Initiative for Kosovo (Nisma)
Nisma’s first step towards gender equality comes through a call for, as they put it, “all women and girls” to join Nisma, so as to achieve a change of position in society. They say that women will not regret joining Nisma. However, the political program they launched in mid-2016 does not offer any concrete projects and mechanisms for achieving equal representation or participation for women in society.
In their program they include a section titled “For Gender Equality with no Prejudice,” in which they highlight that they “will be the subject that promotes gender equality in the region” and that that there is a ‘mountain’ of prejudice, exclusion and rejection towards the desire of women to be included in the workplace and in politics, outside of the walls of their houses.
Nisma claim to wage war on this patriarchal mentality, saying that they ‘have the willingness and knowledge’ to fight this mentality. However, it is still unclear how, as it is not elaborated further. Nisma have also declared that state mechanisms must be improved to fight violence against women in the country. K2.0 contacted the party to ask for more details but received no response.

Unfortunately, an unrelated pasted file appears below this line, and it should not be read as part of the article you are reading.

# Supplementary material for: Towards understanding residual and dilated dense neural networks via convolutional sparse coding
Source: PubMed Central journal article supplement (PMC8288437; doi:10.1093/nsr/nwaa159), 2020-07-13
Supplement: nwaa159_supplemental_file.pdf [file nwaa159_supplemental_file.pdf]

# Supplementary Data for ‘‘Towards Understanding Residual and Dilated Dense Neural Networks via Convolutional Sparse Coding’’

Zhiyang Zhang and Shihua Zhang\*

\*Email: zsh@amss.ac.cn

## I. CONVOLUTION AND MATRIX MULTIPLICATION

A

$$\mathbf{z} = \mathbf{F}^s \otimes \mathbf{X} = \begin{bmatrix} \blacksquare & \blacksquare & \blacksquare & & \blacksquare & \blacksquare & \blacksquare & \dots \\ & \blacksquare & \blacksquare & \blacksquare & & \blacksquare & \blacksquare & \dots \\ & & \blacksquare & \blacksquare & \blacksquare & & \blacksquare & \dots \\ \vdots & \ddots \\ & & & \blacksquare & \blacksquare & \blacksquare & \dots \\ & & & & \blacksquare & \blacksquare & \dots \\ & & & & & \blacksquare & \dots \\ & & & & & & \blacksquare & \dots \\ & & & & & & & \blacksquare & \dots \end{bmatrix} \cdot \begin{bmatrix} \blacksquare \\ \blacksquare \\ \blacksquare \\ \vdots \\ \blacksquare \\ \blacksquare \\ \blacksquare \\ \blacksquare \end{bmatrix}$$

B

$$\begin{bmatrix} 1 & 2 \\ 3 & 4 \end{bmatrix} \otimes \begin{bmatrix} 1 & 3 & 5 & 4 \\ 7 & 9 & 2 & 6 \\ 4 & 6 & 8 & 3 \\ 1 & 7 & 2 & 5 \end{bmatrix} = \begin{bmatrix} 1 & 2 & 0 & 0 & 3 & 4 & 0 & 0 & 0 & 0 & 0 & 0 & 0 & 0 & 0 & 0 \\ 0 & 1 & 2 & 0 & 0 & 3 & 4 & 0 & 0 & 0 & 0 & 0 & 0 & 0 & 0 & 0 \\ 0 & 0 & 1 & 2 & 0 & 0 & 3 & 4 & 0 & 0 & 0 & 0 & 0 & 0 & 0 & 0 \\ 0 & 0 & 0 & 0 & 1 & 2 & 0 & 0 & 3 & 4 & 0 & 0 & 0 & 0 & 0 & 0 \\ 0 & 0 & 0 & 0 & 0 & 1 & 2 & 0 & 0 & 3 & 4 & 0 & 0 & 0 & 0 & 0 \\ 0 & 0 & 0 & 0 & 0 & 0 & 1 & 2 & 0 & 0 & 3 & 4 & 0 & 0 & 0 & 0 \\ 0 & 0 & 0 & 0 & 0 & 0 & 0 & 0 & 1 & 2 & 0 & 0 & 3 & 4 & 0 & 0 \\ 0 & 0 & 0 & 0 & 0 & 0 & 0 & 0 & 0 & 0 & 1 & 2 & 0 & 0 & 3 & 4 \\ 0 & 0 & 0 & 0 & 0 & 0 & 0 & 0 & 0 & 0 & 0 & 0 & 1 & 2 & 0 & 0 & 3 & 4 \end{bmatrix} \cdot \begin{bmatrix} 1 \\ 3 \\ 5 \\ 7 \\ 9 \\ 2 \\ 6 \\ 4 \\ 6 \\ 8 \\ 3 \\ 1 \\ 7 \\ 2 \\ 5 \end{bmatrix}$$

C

Nisma has six deputies in the Kosovo Assembly, two of whom are women, including Valdete Bajrami, the head of their parliamentary group. Nisma also govern in the Malisheva municipality, where Ragip Begaj is the head. Among the municipality’s 11 departments, only one is led by a woman: the Department for Culture, Youth and Sports.K
Photos: Majlinda Hoxha / K2.0.
For more on where Kosovo’s political parties stand, watch K2.0’s video on ideology, and read previous articles on election issues, including employment, education, and the army.